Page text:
Tags and Readers: How RFID Works, and How to Design Your First RFID Tag Antenna
Radio-Frequency Identification (RFID) has been around for over 50 years, and in the last decade is finally cheap enough to mass-produce and place in everyday objects. This presents some new opportunities for electronics designers wanting to learn about RF and antenna design. While RFID accomplishes the same functionality of a barcode or magnetic strip on a credit card, it has some unique use cases that make it worth learning about and designing. In this blog, we’ll be covering how RFID works and how you can create your very own RFID tag antenna circuit.
How RFID Works
An RFID system consists of three parts: a scanning antenna, an RFID tag which includes all of the information about a product, and a reader which decodes and interprets data on a tag. These three pieces fit into a process where:
- Data is first stored in an RFID tag in either a read-only or read-write format. The tag is either battery powered or passive.
- When the tag comes within range of a scanning antenna, electromagnetic (EM) energy triggers the tag to start sending data in the form of radio waves.
- These radio waves are picked up by the antenna and send to the reader which decodes the waves as digital information.
RFID tags are broken down into one of two types, Active and Passive:
Active RFID Tags
Active RFID tags use an internal battery source to power their circuitry and send radio signals. Because of their battery power, active tags can broadcast at higher frequencies from 805 to 950 MHz. This allows them to be scanned from up to 100 feet away.
Passive RFID Tags
Passive RFID tags have no battery source and rely on the electromagnetic coupling of an antenna for their power. This leaves them with a shorter reading distance of up to 20 feet. However, because they have fewer components in their circuitry they’re also cheaper to produce and disposable. This is the kind of tag you’ll find in consumer-level products.
All RFID tags are classified by their Generation and Class. Current Gen-2 RFID tags were adopted in December 2004 and offer several advantages over Gen-1, including:
- Interoperability with all RFID systems, the first global standard
- Faster read speeds than Gen-1
- Precise performance with advanced anti-collision protocols
- Improved security and privacy
- Easier physical deployment of multiple readers
RFID tag classes range from Class 0 through Class 5 and define available functionality. Class details include:
|Class 0||UHFI read-only, preprogrammed passive tag|
|Class 1||UHF or HF, can be written once, read many times (WORM)|
|Class 2||Passive read-write tags that can be written at any time|
|Class 3||Passive or active read-write tags with added sensors for recording temperature, pressure, and motion.|
|Class 4||Active read-write tags with integrated transmitters that can communicate with other tags and readers.|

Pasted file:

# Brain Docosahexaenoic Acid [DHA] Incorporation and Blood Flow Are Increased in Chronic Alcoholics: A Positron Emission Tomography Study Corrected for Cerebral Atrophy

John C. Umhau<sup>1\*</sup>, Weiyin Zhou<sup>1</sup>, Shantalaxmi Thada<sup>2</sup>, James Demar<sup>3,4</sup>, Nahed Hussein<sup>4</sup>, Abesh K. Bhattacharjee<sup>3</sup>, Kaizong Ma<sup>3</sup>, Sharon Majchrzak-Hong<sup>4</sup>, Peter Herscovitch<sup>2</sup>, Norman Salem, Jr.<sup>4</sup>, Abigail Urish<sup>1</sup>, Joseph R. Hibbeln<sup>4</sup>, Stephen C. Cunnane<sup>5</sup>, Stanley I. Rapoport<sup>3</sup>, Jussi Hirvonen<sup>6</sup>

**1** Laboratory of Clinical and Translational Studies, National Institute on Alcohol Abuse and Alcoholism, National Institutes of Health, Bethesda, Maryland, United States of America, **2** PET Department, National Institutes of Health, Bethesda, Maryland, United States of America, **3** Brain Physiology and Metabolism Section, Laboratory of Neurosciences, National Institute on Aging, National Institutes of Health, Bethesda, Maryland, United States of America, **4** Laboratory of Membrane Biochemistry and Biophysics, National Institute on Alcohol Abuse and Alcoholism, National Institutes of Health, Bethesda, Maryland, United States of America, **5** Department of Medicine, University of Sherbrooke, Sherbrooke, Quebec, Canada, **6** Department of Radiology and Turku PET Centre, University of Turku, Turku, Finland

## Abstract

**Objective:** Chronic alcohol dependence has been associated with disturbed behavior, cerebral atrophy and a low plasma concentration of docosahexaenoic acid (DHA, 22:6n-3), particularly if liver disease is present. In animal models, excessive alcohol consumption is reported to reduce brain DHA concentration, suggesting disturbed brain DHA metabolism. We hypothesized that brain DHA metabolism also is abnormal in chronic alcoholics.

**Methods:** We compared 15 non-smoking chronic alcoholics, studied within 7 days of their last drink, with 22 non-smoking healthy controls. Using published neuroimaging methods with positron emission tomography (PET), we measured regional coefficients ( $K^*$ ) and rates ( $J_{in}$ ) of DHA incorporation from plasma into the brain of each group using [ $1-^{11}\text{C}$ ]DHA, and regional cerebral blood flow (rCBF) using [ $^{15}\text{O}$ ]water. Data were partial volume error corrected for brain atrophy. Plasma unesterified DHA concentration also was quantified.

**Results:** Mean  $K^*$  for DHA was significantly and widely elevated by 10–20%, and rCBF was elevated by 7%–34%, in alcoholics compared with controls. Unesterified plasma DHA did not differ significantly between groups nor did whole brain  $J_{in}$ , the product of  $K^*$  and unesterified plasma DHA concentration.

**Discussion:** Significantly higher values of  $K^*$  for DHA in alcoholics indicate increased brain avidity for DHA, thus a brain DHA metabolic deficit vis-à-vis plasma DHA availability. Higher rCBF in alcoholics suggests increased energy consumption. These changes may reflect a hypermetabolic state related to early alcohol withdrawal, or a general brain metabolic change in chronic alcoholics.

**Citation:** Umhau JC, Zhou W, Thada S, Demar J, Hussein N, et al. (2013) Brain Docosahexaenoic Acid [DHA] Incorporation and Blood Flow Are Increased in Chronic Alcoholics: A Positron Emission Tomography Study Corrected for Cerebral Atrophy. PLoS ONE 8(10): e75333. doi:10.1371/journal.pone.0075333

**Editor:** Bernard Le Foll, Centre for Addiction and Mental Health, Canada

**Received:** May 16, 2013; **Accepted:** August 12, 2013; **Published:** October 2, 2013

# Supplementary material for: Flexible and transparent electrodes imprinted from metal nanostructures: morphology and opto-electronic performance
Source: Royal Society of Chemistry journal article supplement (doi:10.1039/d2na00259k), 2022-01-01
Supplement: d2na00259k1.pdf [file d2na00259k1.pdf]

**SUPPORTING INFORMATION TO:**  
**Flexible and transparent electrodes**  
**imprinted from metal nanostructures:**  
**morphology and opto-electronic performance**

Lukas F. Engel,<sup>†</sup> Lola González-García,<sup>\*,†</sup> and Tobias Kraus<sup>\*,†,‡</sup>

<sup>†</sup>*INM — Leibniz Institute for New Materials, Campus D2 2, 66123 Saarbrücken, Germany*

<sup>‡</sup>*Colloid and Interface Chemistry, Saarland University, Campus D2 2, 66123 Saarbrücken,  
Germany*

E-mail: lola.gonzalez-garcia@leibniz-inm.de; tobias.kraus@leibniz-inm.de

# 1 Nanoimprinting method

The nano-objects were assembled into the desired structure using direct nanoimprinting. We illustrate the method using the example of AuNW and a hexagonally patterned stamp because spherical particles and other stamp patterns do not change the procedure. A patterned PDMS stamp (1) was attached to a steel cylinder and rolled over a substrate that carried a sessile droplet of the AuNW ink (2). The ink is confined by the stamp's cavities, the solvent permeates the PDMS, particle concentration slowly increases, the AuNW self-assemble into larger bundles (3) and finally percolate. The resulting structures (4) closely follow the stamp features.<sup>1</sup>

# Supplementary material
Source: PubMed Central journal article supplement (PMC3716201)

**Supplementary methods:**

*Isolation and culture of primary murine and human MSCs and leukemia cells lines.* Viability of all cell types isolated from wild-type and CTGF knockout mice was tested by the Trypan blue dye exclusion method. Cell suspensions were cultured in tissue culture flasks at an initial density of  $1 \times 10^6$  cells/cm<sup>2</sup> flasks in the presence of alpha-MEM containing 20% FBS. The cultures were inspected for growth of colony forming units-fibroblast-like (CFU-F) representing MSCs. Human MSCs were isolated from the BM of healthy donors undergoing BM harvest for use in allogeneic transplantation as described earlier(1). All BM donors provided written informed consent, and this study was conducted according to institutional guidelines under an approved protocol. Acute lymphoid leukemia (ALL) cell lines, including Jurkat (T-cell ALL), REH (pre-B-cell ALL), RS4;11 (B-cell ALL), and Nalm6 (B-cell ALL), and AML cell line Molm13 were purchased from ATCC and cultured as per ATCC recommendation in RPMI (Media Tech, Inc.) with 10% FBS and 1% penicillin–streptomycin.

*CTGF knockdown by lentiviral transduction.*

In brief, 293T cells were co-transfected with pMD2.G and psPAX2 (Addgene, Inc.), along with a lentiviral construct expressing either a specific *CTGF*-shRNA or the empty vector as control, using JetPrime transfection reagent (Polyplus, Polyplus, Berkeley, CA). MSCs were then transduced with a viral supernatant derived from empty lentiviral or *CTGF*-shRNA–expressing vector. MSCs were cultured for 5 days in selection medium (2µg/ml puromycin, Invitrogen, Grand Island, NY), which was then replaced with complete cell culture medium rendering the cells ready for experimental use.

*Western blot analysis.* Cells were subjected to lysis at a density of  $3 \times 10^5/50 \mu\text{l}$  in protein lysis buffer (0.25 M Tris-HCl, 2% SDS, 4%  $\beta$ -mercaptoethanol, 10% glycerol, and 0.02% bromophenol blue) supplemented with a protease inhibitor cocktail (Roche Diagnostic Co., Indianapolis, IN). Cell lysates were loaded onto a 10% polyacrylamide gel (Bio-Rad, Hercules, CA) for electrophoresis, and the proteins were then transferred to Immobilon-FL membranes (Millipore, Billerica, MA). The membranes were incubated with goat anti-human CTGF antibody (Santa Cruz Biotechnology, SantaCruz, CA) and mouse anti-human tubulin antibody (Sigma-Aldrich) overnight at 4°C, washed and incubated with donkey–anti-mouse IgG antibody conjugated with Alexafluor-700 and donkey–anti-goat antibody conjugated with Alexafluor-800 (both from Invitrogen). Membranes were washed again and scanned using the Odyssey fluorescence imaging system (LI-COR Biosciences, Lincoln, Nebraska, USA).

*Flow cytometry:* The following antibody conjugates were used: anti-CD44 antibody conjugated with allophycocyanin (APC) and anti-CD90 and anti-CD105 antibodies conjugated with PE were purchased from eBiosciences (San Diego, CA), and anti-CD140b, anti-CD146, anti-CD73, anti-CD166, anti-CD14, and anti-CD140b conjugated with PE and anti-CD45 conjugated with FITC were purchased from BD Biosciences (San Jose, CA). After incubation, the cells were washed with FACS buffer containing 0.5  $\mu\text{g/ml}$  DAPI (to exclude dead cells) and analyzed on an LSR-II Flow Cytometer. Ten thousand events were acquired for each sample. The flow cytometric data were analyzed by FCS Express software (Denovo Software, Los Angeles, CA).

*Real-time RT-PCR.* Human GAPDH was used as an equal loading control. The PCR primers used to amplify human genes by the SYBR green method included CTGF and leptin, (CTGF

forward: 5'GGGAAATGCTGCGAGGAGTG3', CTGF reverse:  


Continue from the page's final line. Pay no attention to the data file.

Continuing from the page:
|Class 5||Active read-write tags that can power other tags and communicate with external devices other than readers.|
Advantages and Disadvantages of RFID
RFID wireless technology has provided enormous benefits to logistics, inventory control, and retail industries, but that doesn’t make it a perfect technology. However, when compared with barcodes and other manual scanning systems, RFID has some noticeable advantages, including:
- Scanning multiple items simultaneously. RFID systems can scan all incoming items at once, compared with an optical scanner which can only handle one item at a time.
- Reduced costs. Costs have fallen dramatically to manufacture active and passive RFID tags, which makes them available for use in disposable consumer products.
- Read and write capabilities. Barcodes can only be written with data once, but RFID tags can be updated as many times as needed for Class 2 tags and above.
- No line of sight issues. Unlike optical scanners, there are no line of sight requirements when scanning items. This makes RFID ideal for high efficiency industrial environments.
The disadvantages for RFID fall into two categories, technical issues related to RFID implementation and security/privacy uses.
- RFID can be disrupted. Someone using the right frequency on the electromagnetic spectrum can potentially jam an RFID system. You can also continually read a battery-powered RFID tag until it powers down.
- Reader collision issues. Systems need to be carefully set up to avoid any collision issues where multiple signals overlap. This has been improved with Gen-2’s improved anti-collision protocols.
- Can be read at longer distances. Most RFID systems are designed to work at small distances. However, with a high-gain antenna, you can read tags from over a hundred feet away without anyone knowing.
- Can be read without permission. As we begin to embed RFID in everyday items like clothing and consumer products, we’re also at the mercy of stores scanning every item we’re carrying to prevent theft. Is this an issue of privacy, or just the cost of convenience?